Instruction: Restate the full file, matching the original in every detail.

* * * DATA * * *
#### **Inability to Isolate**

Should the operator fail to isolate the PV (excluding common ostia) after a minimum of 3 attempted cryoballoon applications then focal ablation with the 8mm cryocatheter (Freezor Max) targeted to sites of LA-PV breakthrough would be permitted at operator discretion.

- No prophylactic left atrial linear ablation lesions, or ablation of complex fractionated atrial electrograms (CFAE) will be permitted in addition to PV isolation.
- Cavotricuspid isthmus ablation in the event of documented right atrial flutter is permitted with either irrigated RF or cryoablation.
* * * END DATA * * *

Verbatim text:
#### **Inability to Isolate**

Should the operator fail to isolate the PV (excluding common ostia) after a minimum of 3 attempted cryoballoon applications then focal ablation with the 8mm cryocatheter (Freezor Max) targeted to sites of LA-PV breakthrough would be permitted at operator discretion.

- No prophylactic left atrial linear ablation lesions, or ablation of complex fractionated atrial electrograms (CFAE) will be permitted in addition to PV isolation.
- Cavotricuspid isthmus ablation in the event of documented right atrial flutter is permitted with either irrigated RF or cryoablation.